Although the leaders of Ulster republicanism were unreceptive, the socialist internationalism of first generation Ulster emigrants, Connolly and Larkin, received a sympathetic hearing among its working-class membership. Some of their Belfast members had been radicalised by the 1907 Dockers’ Strike in that city, and in 1913 the RIC reported that the IRB in North Armagh and East Tyrone had sent ‘trifling sums’ to help Jim Larkin during the Lockout. [6] In one instance, after receiving anti-recruiting literature linked to the execution of an Indian nationalist, the Ardboe IRB cell diverted some of their precious gun money to journalists for ‘fomenting agitation’ and ‘harassing the British government’ on the sub-continent. [7]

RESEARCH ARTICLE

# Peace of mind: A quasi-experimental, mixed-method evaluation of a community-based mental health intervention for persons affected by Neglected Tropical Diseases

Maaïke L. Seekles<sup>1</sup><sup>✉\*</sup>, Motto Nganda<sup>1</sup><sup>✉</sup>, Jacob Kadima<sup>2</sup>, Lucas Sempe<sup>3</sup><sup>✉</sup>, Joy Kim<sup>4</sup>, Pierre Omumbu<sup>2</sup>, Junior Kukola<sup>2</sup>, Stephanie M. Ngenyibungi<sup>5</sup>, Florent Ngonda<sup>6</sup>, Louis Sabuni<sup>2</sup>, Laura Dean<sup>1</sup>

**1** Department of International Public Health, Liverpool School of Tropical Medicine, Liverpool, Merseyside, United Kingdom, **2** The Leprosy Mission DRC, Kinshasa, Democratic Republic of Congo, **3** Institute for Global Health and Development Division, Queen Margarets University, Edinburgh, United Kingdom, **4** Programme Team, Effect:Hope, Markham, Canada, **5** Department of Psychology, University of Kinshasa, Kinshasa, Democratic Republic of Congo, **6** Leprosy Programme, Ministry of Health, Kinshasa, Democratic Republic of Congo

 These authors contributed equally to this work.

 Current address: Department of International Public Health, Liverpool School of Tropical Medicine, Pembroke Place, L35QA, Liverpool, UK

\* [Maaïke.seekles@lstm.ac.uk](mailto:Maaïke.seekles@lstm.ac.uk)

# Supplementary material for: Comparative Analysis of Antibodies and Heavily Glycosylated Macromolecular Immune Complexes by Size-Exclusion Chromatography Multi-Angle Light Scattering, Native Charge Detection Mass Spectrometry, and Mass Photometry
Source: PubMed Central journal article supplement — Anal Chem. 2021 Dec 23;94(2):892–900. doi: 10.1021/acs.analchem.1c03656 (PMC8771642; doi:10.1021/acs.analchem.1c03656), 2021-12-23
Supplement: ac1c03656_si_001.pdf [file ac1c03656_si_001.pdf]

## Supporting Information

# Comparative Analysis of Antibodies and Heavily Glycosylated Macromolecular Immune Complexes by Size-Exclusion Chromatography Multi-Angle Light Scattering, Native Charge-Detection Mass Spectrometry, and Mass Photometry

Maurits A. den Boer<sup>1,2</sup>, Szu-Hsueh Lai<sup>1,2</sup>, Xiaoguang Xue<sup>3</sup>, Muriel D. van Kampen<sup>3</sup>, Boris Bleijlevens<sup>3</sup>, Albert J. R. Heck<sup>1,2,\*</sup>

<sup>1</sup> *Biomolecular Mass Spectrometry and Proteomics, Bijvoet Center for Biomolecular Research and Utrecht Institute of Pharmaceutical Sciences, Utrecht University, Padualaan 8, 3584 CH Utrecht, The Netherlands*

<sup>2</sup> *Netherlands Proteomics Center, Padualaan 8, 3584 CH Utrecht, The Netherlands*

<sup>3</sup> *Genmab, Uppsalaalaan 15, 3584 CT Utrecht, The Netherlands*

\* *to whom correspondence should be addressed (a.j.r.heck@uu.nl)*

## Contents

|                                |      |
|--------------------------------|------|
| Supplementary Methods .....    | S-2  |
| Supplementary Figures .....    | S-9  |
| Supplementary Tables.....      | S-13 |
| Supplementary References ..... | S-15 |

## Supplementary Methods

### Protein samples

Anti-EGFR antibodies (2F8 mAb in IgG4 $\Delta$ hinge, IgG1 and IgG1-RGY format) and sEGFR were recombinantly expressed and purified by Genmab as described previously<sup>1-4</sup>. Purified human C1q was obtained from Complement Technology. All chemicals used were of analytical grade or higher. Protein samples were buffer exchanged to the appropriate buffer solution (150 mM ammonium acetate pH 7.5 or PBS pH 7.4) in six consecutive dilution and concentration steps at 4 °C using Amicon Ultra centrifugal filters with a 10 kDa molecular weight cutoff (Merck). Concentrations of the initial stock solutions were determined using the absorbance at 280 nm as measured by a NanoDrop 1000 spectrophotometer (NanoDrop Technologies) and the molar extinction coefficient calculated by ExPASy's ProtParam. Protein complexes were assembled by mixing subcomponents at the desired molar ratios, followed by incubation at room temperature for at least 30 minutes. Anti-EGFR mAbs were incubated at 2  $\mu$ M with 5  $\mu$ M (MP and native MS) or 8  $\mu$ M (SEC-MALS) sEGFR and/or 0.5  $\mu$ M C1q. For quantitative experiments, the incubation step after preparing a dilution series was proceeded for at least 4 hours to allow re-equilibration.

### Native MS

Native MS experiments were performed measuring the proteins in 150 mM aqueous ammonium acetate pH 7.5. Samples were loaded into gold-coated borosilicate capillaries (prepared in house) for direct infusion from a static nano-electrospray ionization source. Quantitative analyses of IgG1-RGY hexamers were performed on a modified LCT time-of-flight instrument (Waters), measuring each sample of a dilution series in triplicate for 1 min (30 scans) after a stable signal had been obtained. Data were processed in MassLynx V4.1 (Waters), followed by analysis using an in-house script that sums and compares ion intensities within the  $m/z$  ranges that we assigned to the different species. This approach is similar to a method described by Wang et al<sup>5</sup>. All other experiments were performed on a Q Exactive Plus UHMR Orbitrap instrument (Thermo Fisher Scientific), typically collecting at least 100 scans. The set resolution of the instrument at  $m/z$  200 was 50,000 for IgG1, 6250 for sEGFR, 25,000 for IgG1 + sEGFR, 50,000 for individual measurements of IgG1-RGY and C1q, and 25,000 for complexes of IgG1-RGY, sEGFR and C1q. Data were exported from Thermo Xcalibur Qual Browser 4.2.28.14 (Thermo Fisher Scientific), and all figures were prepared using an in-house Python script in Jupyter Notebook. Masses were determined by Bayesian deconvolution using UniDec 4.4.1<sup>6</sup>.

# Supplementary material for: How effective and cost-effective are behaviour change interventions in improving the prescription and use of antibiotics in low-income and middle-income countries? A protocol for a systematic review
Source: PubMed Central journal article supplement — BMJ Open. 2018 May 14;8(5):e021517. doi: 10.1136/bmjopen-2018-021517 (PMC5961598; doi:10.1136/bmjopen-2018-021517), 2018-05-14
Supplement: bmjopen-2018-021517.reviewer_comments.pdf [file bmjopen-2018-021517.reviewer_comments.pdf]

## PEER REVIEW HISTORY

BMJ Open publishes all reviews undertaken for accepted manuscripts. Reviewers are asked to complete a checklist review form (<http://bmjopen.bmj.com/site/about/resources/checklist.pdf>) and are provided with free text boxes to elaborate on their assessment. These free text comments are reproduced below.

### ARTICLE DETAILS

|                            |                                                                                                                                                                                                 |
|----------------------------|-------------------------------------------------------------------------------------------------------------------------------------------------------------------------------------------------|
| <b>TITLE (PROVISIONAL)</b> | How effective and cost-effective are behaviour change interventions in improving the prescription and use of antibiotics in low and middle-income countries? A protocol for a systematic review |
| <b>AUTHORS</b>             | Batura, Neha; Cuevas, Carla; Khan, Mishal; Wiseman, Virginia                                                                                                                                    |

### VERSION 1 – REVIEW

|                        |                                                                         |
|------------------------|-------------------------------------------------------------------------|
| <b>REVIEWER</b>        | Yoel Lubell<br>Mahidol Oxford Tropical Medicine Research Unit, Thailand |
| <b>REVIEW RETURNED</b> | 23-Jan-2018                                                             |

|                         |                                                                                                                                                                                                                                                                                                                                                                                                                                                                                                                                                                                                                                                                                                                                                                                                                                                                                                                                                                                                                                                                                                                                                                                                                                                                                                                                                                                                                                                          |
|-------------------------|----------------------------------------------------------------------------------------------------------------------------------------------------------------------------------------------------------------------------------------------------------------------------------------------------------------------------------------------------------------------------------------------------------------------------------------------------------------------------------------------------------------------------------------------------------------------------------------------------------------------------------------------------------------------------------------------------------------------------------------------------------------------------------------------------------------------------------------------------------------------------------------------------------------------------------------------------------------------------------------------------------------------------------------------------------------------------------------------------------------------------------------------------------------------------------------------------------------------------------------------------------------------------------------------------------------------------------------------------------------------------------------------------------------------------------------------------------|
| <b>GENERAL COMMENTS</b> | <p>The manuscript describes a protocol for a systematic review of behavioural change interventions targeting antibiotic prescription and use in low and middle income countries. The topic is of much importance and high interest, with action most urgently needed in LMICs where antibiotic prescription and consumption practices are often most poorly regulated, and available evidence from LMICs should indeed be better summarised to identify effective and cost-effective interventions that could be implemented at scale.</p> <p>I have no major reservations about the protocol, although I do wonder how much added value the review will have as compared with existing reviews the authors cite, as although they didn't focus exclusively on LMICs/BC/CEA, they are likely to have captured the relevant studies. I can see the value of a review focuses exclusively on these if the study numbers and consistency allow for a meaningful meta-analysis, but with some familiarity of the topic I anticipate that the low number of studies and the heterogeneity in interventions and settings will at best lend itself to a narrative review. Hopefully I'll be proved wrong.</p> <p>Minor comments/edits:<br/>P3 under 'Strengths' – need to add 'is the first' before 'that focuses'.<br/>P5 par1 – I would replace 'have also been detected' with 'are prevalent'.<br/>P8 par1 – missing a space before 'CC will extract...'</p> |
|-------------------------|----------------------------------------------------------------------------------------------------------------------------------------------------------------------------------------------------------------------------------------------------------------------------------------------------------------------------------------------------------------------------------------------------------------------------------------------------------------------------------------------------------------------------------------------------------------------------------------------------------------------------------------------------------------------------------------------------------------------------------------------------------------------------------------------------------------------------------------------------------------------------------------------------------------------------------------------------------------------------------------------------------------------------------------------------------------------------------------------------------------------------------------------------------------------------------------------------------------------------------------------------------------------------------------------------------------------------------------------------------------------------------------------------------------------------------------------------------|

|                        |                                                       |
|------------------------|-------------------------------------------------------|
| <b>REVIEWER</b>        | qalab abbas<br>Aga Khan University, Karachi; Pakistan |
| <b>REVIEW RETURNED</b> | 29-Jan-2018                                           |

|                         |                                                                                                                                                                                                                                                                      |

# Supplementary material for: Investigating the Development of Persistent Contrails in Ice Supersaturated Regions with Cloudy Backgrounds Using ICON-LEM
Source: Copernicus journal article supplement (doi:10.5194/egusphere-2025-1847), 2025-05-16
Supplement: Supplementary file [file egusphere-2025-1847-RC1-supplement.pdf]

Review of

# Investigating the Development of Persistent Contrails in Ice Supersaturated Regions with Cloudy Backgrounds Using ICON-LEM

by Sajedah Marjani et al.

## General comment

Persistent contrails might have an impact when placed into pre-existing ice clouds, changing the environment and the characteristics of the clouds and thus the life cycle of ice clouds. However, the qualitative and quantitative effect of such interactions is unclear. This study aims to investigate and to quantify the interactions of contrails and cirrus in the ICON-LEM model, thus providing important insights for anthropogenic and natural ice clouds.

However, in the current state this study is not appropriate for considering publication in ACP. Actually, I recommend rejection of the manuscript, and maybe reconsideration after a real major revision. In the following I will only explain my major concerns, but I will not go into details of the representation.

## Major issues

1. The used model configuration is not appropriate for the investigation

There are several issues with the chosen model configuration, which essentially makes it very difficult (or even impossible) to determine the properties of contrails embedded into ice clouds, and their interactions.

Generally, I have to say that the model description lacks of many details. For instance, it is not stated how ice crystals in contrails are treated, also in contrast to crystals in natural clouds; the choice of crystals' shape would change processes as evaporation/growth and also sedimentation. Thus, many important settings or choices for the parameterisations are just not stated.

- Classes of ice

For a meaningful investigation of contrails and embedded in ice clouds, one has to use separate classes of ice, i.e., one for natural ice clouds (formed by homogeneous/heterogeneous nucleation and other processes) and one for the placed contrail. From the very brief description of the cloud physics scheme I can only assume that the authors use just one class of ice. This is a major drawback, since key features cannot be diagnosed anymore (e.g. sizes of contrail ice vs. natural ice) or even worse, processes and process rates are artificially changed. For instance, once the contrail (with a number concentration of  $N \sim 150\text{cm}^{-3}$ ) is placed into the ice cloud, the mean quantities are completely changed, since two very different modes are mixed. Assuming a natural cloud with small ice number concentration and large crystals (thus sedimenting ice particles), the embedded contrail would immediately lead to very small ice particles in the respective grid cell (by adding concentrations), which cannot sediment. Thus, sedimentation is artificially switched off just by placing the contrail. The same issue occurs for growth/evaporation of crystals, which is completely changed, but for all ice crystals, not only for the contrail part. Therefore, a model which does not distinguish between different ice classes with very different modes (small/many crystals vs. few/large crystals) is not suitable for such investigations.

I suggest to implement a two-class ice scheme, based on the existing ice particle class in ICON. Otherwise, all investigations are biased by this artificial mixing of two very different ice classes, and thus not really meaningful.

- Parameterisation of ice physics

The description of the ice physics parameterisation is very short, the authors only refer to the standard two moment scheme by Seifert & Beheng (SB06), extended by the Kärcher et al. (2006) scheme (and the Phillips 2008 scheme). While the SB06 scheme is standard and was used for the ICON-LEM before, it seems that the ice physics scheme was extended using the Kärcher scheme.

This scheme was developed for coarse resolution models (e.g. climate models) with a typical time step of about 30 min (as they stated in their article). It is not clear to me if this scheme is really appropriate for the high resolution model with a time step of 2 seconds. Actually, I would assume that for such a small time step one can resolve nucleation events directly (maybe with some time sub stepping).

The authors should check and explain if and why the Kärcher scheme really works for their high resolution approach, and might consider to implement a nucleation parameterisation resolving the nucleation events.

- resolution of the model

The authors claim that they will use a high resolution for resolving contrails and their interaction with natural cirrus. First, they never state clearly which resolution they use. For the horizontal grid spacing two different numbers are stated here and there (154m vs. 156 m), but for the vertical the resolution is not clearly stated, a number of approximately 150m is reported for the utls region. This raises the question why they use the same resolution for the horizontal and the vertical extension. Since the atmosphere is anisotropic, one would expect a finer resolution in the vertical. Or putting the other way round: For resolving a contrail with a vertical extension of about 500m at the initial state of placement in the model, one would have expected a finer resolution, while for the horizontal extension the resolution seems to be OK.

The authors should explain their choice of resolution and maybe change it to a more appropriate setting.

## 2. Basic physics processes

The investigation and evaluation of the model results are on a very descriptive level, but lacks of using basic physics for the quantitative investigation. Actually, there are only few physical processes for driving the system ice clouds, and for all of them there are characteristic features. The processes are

The Dungannon-Coalisland nexus represented the core territory of Mid-Ulster Fenianism, which fanned out in a crescent along the south and west shores of Lough Neagh, finding favour among local artisans, labourers, small farmers and factory workers. The Tyrone IRB were involved in nascent trade unionism-activism that continued into the revolutionary period. [8] Indeed, intelligence reports from the RIC reflected the typical class prejudice of Edwardian Ireland, continually dismissing Tyrone republicans due to their low social status. [9] Dungannon IRB members such as John ‘Jack’ McElvogue challenged these assumptions, standing successfully in the urban council’s nationalist west ward ‘to explode the old theory that it was only men with money, whether they had brains or not, were fit to look after the affairs of the town’. [10] Yet the limitations of this position are clear: although workingclass republicans occupied positions of leadership locally, the reality was that ‘every important position in the party [was] occupied by men not of the Working Class’. [11]